Just like Charles Chesnutt portrays the men of the Bodleian Club in his short story, Baxters Procrustes, Tate seems to have been so invested in the physical publishing of his quarto because of the cultural book standards “in which emphasis should be laid upon the qualities that make a book valuable in the eyes of the collectors” (Chesnutt, 1904). Thus while the poems in Tates’ quarto had the ability to be carried around everywhere, perhaps it was only carried as a status symbol rather than a means of escapism and its literature appreciation.
Today, with countless social media platforms in which online personas are created (whether true or fake), users tend to only have control on the text of their profile. The design and layout of their profile is typically pre-set and beyond the users control. The culture of our digital world seems to be a culture that conforms to preset structures of its textual artifacts. The bullet journal is a tool that opposes this cultural trend in a way where the physical foundational structure of the text is completely free and up to the “bulleter”. Different from Tates’ quarto, the bullet journal represents a culture that wants to contravene against a system of thinking and organizing that has been made analytical and formal. This modern and innovative quarto represents a culture that wants to reposition itself into a system that thinks and organizes their lives as they choose to, with a unique personalization and that gives the every-day text a more personal meaning and effective outcome.
The various editions of Morse’s Geography deciphered during this lab, depicted editions whose formats were quite similar but as the years went on, there were more additions to the text. As an example the 1813 edition did not include a fold-up map of the world while the 1816 edition did. As a reference guide to teach American students about geography, this additional component of the text portrays a culture that is interested in visual learning rather than memorizing each country of each continent.
As the bullet journal itself does not go through the standard editions of book we are familiar with, as more and more users begin to own and use a bullet journal, there are increasingly new design, planning and/or organizing ideas being created. The “staples” of the bullet journal as mentioned include monthly calendars and weekly to-do lists but throughout their existence bulleters have drawn out their favorite music playlists, noted down their baking recipes, sketched a collage of things that make them happy, and even logged their feelings with their own mood tracker. As these new bullet journaling ideas arise, the evolution of a bullet journal contents portrays a society that is perhaps overwhelmed by todays technology, the countless apps and tracking systems. These ideas portray a modern culture that perhaps wants to be more traditional and have everything on hand, in one place.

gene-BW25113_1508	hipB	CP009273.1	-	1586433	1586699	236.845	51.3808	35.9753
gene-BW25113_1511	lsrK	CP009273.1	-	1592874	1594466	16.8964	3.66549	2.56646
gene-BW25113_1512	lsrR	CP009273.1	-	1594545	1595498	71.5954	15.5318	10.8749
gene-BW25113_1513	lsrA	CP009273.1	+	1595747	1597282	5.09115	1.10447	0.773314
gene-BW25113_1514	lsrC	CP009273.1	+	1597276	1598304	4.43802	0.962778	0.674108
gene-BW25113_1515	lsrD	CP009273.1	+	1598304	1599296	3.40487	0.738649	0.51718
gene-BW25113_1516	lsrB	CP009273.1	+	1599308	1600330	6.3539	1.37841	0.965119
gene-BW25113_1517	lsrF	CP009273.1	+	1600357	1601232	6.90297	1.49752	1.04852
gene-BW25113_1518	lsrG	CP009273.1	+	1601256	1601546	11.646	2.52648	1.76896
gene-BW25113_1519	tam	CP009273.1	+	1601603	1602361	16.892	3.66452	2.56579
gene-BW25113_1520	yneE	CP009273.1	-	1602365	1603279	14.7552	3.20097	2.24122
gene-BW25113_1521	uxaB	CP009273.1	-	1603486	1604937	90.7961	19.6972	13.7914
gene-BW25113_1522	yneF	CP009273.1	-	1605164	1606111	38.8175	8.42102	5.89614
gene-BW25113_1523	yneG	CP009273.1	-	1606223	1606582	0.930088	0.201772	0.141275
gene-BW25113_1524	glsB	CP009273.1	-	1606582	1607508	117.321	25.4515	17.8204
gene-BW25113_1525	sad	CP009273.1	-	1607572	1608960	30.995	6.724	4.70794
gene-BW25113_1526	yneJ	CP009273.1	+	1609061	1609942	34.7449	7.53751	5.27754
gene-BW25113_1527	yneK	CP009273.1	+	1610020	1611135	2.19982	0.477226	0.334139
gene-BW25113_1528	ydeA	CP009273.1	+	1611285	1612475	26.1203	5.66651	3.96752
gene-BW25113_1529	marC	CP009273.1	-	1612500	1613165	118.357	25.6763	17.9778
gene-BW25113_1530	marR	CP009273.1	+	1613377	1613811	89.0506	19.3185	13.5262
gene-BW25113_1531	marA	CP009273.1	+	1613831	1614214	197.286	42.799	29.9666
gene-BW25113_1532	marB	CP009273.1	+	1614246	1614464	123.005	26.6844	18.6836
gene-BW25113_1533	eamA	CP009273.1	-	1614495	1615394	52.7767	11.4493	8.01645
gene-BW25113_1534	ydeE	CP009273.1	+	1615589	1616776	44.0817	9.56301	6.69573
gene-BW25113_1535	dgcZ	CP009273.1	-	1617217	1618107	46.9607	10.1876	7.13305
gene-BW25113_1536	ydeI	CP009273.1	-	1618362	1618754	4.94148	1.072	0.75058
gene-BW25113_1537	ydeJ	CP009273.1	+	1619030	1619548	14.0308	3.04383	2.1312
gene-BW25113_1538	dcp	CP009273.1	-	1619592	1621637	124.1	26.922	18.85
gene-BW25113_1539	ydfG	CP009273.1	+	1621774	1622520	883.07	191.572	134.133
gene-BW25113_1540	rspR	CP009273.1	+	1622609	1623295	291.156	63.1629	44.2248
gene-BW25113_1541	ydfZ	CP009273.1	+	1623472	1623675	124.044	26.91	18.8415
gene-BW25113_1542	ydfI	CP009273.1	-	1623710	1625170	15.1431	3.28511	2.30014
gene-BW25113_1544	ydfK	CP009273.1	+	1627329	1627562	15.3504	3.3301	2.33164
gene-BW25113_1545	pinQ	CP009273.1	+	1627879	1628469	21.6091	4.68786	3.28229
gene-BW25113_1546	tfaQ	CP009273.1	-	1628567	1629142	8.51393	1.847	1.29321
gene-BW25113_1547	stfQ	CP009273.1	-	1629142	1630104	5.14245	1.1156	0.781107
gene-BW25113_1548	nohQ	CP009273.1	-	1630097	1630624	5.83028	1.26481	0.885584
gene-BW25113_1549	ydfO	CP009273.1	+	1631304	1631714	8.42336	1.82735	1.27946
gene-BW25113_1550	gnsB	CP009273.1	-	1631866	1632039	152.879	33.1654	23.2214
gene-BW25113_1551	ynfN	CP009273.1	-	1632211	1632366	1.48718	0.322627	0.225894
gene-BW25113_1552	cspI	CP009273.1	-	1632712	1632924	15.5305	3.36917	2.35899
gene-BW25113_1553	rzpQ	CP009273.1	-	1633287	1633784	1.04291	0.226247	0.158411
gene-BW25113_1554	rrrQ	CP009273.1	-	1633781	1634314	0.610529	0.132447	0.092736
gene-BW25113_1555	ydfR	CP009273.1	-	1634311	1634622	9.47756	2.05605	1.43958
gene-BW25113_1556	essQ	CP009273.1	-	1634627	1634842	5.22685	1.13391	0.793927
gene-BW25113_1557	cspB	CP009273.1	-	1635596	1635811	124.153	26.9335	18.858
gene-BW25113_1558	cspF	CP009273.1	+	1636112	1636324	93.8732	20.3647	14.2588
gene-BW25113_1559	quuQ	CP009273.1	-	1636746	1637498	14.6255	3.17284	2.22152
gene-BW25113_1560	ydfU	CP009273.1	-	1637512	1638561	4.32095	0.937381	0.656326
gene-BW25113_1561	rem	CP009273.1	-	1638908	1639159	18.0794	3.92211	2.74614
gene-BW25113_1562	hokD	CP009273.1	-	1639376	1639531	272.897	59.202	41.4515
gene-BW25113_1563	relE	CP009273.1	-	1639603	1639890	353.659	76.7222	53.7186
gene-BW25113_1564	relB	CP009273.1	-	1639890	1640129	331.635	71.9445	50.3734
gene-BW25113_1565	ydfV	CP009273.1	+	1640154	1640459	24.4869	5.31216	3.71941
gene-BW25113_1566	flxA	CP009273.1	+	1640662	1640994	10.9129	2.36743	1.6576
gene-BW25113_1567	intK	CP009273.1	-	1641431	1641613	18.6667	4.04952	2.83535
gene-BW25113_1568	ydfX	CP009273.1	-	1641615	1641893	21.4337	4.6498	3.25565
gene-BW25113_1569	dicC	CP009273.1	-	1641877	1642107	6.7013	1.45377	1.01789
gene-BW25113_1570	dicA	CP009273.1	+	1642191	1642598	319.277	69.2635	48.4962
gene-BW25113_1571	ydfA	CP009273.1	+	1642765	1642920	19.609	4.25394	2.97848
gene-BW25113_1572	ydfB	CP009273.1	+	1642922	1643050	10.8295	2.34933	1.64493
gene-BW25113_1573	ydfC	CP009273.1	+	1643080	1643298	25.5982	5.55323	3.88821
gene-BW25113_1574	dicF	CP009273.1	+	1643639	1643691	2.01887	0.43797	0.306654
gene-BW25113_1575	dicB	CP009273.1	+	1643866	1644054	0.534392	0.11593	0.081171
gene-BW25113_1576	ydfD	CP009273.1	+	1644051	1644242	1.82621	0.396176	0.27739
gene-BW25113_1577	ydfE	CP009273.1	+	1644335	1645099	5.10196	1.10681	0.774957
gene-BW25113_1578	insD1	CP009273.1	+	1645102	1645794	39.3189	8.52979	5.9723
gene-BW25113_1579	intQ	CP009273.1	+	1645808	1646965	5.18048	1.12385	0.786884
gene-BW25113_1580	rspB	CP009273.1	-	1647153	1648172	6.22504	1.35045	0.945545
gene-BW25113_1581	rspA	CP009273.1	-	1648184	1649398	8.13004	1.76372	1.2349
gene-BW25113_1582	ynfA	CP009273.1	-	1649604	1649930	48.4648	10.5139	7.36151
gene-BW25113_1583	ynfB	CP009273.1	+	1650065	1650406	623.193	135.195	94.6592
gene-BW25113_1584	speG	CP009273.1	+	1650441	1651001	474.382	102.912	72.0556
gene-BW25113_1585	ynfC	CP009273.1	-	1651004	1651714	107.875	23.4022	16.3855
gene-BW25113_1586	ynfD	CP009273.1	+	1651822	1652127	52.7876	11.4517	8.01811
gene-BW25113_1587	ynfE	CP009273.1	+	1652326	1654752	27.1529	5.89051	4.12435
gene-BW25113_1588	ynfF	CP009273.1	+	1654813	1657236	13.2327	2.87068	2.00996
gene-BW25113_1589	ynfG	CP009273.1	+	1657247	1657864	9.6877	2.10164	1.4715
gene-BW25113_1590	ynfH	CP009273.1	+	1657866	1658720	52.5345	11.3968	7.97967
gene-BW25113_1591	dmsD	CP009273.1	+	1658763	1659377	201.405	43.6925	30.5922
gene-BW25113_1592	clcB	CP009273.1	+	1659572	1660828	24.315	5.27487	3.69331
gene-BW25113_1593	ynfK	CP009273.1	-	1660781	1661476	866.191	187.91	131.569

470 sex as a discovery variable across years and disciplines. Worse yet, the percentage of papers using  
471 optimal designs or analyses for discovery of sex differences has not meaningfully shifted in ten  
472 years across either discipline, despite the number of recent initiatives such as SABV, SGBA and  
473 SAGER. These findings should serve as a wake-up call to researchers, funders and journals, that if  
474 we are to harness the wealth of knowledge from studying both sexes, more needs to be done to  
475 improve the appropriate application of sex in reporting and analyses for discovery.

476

Deciphering these physical books both from the mid-nineteenth century and today has truly expanded my understanding of a book’s physical significance. Particularly, this lab has demonstrated the direct relationships between these textual artifacts and the culture in which its both printed and used. In fact it seems quite ironic to me that some of us in this modern culture may want to resort to traditional ways of writing in books even though we have been lucky with technology that 19th century culture did not even imagine could exist. Austen mocks the quarto as a book women use to pretend they know everything about the world, but I wonder whether or not she would have the same feelings about a quarto now, seeing how intimate and rich in thought the bullet journal is.